The killer who is always welcome


Stuart Finesilver is a trained assassin. But most likely you will greet his appearance with relief for he will have come to rid you of unwanted guests.

For the past seven years, the 32-year-old pest control officer has been rooting out vermin in the north London borough of Barnet, in pursuit of "rats, mice, cockroaches, fleas, bedbugs, carpet beetle, and exotic ants".

"I was never squeamish," he said. "The only thing I have got a slight issue with is those big moths which make that horrible clunky noise when they bounce off your head - it goes right through me. Fortunately, you get that more on the street than doing this job."

A member of Southgate Progressive Synagogue, where his eight-year-old son Andrew goes to cheder, Mr Finesilver used to work as a technical surveyor for a large property company until he lost his job in the financial crash. In his previous work his arrival at a house might portend the unwelcome discovery of woodworm or damp.

But now, he said, "it's quite nice to knock on the door and have people pleased to see me."

He started out clearing "wasp's nests. My colleague showed me how to do it. He put on his hood and big gloves and squirts the wasps and they go crazy. I had never been stung before so I didn't know if I was going to react badly to a sting. I got stung for the first time a couple of years ago - which is unavoidable when you are in close proximity all the time - fortunately, there was no problem."

Much of his work is detection, locating the source of a problem such as a broken airbrick or a cracked drain cover, or tracing a rat trail - "their hair brushes the ground and it leaves a smooth patch of dirt."

He and his colleague, who work for Re - a joint venture between Capita and Barnet Council - go out on around 40 calls a week. In busy periods, at the height of the wasp season for example, they may work weekends as well. More recently, their beat has included the neighbouring borough of Enfield.

His most troublesome adversary are bedbugs: "They gross me out the most, if anything does. In the worst cases they can cause issues like anaemia because of the amount of blood they are drawing. They are worst because of the amount of work involved in having to clear them. You have to spray every little thing in the room. And wearing a full suit with a helmet on a hot day makes it the least pleasant."

Bedbugs, unfortunately, are on the increase. "We put a lot of that down to the recession - more people are renting, more short-term lets. You get more families living in one home and more re-use of secondhand furniture," Mr Finesilver explained.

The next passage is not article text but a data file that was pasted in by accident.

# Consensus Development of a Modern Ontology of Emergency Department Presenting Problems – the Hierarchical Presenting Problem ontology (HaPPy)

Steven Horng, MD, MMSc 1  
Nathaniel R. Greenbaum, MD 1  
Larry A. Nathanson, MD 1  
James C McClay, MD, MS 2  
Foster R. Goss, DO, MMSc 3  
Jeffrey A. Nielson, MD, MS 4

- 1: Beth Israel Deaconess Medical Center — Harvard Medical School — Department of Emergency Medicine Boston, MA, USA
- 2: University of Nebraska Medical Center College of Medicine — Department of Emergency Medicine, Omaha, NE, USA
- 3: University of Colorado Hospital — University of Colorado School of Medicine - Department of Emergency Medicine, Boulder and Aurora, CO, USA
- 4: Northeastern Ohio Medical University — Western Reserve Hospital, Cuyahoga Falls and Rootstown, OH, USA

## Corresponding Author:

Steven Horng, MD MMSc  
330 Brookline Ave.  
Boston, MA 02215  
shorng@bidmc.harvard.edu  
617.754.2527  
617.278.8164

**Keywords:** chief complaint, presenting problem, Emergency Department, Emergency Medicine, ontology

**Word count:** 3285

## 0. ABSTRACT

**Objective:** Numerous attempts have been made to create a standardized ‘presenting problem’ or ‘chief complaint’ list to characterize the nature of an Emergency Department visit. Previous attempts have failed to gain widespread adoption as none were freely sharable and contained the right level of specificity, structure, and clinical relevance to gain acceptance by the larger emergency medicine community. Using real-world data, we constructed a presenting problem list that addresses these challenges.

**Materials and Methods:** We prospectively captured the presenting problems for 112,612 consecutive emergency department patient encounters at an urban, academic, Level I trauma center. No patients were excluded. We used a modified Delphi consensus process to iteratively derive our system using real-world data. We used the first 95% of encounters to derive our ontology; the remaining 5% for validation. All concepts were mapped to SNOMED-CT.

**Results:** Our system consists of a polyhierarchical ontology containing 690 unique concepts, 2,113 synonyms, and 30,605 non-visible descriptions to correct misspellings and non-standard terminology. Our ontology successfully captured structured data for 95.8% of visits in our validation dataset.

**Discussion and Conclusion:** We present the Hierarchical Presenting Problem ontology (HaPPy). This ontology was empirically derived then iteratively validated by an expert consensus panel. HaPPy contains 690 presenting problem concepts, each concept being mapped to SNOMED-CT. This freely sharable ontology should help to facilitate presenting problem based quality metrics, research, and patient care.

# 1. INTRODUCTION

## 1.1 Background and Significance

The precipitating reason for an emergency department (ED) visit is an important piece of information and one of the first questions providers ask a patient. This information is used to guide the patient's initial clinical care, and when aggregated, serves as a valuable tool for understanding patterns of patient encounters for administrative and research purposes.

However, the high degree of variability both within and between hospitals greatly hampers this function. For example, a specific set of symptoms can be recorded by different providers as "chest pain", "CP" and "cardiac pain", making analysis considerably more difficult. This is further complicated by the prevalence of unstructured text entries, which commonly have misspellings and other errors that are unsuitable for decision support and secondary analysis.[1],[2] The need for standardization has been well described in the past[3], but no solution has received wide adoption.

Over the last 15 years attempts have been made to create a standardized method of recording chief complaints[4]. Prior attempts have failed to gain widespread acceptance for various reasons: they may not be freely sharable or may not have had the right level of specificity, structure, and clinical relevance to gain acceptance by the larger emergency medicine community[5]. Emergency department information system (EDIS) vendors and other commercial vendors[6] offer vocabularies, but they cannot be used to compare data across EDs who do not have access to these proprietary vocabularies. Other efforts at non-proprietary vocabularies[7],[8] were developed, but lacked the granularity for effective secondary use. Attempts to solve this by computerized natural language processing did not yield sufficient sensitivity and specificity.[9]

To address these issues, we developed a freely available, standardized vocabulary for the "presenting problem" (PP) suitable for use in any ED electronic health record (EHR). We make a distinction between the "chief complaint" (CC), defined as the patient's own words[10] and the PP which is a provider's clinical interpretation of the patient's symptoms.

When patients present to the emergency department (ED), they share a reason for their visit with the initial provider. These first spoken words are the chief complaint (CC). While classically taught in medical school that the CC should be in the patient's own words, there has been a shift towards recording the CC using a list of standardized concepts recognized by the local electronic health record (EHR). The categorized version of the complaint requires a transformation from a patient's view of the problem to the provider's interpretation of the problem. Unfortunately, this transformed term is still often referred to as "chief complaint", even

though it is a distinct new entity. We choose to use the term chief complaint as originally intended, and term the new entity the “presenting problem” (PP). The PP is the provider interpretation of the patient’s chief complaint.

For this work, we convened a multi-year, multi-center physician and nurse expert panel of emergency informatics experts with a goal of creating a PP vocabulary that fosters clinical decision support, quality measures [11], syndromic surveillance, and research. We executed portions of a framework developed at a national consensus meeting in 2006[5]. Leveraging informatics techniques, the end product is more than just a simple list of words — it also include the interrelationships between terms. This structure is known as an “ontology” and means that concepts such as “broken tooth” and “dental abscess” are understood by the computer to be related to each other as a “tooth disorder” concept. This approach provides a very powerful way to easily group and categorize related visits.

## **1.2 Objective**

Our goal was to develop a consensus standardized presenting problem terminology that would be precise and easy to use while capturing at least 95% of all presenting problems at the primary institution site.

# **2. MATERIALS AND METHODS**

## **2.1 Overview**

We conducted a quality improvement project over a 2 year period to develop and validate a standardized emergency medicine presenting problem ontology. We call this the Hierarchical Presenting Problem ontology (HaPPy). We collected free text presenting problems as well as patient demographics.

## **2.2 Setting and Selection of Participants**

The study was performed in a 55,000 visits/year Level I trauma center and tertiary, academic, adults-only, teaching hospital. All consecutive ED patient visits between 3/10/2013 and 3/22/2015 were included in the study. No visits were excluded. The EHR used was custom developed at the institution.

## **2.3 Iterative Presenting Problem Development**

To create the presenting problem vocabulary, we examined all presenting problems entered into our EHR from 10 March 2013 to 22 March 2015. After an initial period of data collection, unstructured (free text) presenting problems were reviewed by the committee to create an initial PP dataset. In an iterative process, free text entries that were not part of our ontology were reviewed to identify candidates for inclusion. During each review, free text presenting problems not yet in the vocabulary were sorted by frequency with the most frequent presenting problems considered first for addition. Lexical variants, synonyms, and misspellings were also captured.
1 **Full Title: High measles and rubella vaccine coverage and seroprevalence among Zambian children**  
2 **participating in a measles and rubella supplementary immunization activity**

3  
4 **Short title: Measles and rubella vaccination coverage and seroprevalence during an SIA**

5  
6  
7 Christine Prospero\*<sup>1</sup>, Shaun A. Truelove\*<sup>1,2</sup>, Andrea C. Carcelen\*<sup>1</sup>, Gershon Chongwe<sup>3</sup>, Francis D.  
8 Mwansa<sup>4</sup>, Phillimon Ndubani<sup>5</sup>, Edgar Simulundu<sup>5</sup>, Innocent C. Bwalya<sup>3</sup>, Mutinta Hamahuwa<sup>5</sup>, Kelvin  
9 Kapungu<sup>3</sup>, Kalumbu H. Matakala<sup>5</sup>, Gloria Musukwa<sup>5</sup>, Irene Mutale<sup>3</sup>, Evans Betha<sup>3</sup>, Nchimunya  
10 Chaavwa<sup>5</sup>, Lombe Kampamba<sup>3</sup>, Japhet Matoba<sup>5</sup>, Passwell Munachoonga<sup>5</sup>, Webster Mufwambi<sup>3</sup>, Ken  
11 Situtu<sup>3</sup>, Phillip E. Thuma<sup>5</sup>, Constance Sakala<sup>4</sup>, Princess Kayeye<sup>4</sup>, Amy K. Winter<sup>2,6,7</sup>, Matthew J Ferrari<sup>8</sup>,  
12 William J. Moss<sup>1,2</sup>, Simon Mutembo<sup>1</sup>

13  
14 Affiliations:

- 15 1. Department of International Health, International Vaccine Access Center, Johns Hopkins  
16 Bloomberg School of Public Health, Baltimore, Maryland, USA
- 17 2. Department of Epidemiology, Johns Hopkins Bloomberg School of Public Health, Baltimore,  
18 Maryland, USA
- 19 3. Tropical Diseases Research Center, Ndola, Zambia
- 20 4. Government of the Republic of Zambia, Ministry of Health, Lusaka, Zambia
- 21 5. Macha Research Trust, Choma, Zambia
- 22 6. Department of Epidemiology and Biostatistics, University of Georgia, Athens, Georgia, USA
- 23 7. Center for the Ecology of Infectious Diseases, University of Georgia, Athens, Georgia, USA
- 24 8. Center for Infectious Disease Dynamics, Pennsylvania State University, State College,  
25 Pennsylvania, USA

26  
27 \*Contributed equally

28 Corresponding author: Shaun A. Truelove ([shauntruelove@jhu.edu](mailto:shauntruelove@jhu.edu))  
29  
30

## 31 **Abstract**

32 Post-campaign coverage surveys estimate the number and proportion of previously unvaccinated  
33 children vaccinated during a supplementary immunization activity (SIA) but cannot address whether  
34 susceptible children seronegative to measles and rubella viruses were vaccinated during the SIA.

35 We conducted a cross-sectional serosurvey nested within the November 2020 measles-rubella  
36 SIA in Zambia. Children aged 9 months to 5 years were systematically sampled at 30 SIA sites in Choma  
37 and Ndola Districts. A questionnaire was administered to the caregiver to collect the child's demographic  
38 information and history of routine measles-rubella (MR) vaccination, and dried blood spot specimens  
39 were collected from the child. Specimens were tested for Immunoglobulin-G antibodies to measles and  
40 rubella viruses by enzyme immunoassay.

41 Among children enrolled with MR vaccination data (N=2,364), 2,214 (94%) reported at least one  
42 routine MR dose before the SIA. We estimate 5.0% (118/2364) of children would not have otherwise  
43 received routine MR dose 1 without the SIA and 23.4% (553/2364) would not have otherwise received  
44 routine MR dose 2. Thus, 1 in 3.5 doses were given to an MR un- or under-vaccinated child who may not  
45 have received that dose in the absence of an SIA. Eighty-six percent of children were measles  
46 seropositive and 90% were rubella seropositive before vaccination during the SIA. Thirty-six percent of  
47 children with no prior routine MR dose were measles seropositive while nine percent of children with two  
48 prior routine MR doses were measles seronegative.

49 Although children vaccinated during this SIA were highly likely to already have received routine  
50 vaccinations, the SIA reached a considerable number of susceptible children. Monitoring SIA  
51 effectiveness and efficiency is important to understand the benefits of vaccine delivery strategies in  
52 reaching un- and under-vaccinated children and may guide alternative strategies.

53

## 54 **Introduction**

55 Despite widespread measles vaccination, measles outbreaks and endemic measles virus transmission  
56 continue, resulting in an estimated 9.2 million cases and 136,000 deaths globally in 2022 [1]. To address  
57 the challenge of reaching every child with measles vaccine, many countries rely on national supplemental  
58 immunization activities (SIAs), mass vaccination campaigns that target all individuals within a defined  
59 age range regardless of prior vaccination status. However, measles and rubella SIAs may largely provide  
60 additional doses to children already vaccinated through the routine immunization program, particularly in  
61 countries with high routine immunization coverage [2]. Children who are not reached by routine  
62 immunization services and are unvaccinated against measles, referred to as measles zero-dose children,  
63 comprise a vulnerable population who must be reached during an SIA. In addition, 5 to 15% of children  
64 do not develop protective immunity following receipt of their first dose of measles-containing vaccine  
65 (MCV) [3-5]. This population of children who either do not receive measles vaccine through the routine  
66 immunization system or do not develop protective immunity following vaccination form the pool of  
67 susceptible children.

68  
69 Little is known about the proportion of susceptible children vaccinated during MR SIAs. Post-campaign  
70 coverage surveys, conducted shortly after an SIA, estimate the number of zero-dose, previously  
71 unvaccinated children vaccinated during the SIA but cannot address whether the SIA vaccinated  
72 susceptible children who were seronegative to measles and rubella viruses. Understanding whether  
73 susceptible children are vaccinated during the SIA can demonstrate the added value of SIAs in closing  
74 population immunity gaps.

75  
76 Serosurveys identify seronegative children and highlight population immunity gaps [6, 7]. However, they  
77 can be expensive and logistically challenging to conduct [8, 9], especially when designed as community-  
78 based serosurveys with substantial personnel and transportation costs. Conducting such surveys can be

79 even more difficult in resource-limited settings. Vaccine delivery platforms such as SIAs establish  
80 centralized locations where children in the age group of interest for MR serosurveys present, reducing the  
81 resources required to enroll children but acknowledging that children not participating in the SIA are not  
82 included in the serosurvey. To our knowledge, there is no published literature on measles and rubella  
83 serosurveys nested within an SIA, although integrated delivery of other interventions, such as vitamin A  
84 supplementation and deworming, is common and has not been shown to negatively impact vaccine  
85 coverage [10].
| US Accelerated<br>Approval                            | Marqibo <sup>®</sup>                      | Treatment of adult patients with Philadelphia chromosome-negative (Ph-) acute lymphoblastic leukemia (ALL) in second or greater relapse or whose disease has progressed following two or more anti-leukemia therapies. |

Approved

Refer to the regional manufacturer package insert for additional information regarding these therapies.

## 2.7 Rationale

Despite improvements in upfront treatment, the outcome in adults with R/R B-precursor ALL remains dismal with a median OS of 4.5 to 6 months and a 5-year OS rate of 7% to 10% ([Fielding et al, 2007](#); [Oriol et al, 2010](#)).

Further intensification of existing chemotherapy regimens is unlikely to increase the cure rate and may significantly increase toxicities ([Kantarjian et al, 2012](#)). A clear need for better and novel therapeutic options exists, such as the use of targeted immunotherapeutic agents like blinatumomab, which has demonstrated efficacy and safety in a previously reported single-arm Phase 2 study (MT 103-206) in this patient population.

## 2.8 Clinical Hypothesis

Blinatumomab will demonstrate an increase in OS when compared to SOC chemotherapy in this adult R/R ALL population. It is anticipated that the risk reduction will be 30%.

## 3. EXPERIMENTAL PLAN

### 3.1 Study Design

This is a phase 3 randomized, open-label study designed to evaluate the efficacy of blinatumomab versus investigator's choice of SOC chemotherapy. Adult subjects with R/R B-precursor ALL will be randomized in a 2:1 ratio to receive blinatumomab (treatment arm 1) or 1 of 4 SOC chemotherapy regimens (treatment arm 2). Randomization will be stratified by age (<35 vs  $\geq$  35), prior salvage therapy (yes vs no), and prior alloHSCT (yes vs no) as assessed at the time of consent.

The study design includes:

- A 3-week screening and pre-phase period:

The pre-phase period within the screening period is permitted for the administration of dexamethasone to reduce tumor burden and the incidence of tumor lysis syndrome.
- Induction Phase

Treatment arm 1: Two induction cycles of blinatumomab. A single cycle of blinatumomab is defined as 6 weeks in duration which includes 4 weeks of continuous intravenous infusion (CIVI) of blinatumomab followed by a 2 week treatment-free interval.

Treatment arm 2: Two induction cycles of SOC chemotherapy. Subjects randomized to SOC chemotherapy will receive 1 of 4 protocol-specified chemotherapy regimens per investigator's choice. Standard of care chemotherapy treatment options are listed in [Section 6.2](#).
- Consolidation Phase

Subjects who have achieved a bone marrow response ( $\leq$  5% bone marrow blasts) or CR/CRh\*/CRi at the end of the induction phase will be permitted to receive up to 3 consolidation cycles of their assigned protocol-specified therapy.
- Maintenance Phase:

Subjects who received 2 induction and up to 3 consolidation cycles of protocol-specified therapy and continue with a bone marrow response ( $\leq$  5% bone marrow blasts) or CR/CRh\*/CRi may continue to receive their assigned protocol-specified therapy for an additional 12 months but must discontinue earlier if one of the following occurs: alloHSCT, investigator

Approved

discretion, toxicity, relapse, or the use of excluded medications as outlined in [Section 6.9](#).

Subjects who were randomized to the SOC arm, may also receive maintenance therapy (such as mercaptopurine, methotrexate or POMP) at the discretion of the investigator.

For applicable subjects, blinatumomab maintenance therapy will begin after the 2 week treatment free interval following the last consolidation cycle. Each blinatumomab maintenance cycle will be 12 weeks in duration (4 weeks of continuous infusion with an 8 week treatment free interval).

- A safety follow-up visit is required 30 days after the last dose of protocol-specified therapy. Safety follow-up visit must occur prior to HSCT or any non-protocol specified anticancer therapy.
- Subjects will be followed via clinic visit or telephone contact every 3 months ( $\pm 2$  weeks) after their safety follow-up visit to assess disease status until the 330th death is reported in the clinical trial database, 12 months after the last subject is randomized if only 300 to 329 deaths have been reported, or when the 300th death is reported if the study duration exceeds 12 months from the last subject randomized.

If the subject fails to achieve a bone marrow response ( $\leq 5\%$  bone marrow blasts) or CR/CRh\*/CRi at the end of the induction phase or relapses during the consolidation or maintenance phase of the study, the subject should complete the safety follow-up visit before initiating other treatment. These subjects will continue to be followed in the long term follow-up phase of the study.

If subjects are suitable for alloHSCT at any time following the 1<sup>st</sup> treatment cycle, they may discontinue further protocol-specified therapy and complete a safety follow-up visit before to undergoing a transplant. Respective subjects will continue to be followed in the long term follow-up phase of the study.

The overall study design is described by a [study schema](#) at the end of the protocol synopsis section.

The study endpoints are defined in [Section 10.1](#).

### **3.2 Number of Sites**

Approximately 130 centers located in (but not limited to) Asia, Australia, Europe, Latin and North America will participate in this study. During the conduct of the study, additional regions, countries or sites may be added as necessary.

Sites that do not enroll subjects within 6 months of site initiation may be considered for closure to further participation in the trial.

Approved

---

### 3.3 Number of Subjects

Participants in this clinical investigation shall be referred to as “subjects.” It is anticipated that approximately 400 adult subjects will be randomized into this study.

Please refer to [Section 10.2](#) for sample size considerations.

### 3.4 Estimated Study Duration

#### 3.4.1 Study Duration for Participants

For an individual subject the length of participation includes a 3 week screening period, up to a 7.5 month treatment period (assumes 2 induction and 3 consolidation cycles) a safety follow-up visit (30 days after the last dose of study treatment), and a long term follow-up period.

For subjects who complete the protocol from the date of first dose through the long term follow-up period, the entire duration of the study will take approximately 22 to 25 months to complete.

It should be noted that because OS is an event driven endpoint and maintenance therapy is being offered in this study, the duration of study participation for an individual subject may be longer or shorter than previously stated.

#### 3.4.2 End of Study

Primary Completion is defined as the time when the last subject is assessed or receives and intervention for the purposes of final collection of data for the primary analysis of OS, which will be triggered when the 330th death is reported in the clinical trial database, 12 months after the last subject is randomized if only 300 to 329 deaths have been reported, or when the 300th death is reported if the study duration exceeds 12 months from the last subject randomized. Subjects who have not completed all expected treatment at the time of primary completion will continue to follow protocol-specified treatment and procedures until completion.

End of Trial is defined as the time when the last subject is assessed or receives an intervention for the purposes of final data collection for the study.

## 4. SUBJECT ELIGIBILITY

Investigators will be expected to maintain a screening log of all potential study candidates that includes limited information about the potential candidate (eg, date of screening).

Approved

But at least he has recorded no rise in rats. If you want to deter rats from your garden, he said, best to avoid bird-feeders, to pick up fallen fruit from trees, clear away undergrowth around sheds and generally try not to leave inviting places for nests.

Mostly, poison will do the trick with rats or mice. Occasionally, they will use traps, although, Mr Finesil
ver said, "there is always the risk you won't get a clean kill, no matter how carefully you set it. And we always try to make sure it is done humanely, to make sure they go in the most peaceful way."

Despite the classic cartoon image of mousetrap and cheese, he said, "I have never seen mice go for cheese. Most of the time, they go for sweeter things like peanut butter, chocolate spread, chocolate in general".

Sometimes he has literally had to take the law into his hands. "I had a phone call, 'there's a rat behind my fridge'. When I got there, I pulled out the fridge and there was the rat. It was quite scared." A natural reaction, especially considering he stands 6ft tall.

"I put down some sticky pads and flushed it out and it got caught in the pads. I then took it out and broke its neck in a quick, humane fashion - a blow to the back of the neck to sever the spinal column. It's not my favourite thing to do at all, but it's an essential part of the job, although not very common - maybe once or twice a year."

He used to keep rats as pets. "When I was a student, I had a hooded rat and his name was Ludo. Rats have an intelligence level about the same as dogs, but a domestic rat is very different from what you'd find in your garden. They are selectively bred for the traits that make them pets."

Mr Finesilver's household now includes a dog, cat and two goldfish, though no rats. But he had to take action to stop the cat presenting the family with offerings of live mice. "Through trial and error, I found bells on his collar made it a lot harder for him to catch anything."

Sometimes he is asked to identify a strange creature that has been accidentally transported here in a package from abroad. At a recent Pestex convention, he went to a session to learn about venomous spiders.

A spate of publicity about false widows, a spider with a poisonous bite which is actually native to Britain, led to an increase in call-outs last year.

"I've never seen a false widow apart from at the conference I went to learn about it. They wouldn't be in your house - they are the sort of thing you'd see on a signpost rather than running around your bathroom floor. Most of the time, it's just a normal garden spider and nothing to worry about."

But though he has escaped an encounter with a false widow, the job does have its hazards. "I quite often get bitten when dealing with fleas and unfortunately, every now and then, I have to make sure my house is treated as well - because nobody likes taking their work home with them, me less so than other people."

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